Cons: For one, Boston is a pretty pricey city. Though not as expensive as New York and Chicago, there are many more cost-effective options on the list of finalists. The other downside to Boston is the venue, the TD Garden. While an excellent building with an incredible hockey atmosphere, the Garden doesn’t have a large footprint, making hosting events like Fan Fest, a requirement in the NCAA bidding process, difficult. That said, if the NCAA was holding the lack of area for ancillary events against Boston, it wouldn’t have been placed on the list of finalists.
Washington, D.C., Verizon Center (Navy/Greater Washington Sports Alliance)
Anyone who attended the 2009 Frozen Four in D.C. walked away with rave reviews. That is the main reason I believe that D.C. and the Verizon Center are a lock to receive one of the four bids.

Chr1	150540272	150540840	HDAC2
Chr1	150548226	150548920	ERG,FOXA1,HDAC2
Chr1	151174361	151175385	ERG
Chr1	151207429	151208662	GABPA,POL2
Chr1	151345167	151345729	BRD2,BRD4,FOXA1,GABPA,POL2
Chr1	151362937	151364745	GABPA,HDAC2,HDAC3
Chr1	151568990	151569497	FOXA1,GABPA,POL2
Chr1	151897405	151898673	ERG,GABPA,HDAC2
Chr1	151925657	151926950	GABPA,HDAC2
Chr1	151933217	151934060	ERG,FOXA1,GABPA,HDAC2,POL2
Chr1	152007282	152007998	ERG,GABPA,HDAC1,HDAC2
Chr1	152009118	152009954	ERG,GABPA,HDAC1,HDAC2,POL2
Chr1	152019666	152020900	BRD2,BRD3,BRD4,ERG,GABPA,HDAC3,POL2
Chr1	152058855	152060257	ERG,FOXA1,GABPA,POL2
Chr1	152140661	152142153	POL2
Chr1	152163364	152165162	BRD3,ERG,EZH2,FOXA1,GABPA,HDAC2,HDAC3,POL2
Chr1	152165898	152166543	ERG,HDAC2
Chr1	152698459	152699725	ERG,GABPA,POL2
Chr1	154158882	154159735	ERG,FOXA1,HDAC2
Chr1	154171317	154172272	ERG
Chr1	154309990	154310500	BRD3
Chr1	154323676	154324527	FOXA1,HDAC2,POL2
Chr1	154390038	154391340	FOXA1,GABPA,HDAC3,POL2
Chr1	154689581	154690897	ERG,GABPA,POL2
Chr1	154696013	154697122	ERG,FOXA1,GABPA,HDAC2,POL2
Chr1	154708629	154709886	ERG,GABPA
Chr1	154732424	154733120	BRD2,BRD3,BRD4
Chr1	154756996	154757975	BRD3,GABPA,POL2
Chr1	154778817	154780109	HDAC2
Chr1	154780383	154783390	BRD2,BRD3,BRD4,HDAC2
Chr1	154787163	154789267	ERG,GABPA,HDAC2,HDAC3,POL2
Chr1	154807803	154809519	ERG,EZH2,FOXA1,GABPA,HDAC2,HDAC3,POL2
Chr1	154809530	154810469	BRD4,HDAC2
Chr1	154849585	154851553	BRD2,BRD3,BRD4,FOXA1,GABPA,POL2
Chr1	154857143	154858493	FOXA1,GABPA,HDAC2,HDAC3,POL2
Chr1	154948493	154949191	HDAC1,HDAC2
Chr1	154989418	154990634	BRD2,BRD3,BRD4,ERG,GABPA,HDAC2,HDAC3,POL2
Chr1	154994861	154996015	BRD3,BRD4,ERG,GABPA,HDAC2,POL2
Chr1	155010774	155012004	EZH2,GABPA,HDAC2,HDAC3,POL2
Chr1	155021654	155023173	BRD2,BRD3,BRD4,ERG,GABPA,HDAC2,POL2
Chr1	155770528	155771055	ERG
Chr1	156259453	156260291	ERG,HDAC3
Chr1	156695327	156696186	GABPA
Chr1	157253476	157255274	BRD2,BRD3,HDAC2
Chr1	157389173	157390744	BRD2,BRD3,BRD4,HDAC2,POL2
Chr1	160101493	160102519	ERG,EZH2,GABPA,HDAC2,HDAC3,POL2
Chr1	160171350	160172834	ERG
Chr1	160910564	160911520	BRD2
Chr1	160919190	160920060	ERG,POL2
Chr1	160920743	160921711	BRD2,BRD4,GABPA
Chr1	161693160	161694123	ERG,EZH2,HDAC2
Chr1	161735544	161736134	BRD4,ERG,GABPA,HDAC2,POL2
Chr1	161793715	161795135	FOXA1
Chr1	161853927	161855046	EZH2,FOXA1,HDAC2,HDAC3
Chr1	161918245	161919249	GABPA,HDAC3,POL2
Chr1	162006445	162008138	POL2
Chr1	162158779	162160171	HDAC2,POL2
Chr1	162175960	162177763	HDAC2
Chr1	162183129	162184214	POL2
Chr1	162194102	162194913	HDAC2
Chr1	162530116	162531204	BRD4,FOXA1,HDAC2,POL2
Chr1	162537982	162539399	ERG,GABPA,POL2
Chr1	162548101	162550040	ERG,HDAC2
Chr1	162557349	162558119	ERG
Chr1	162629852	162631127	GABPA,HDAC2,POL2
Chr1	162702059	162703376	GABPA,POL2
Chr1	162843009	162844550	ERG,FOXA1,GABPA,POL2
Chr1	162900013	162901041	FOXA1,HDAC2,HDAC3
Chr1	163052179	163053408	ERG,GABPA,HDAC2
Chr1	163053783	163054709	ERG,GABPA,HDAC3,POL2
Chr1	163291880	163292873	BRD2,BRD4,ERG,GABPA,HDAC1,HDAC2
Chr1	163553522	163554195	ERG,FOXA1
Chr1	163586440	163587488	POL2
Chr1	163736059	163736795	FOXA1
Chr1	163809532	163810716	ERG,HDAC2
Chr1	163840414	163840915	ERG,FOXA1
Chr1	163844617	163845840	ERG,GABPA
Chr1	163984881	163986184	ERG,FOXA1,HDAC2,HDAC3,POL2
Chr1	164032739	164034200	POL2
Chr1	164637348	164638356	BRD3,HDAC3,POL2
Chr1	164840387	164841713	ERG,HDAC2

Pros: Washington, D.C., similar to Boston, brings with it a unique combination of ease of access (both to travel there and to get around) and a plethora of options for fans in terms of entertainment and sightseeing. The venue is right in the downtown area and is surrounded by hotels and restaurants. Notice that I haven’t even mentioned all of the historic buildings and tourist destinations. That, in my opinion, puts D.C. over the top. Most years, fans travel to the Frozen Four on Wednesday or Thursday and leave on Sunday. In 2009, that wasn’t the case for many who either booked time at the beginning or end of the trip to visit the government buildings, museums and other tourist destinations.
Cons: Similar to what I mentioned about Boston, Washington, D.C., is pricey in terms of accommodations and restaurants. Unlike Boston, there are alternative options for hotels that are easily accessible by the Metro, one of the best public transit systems in the country.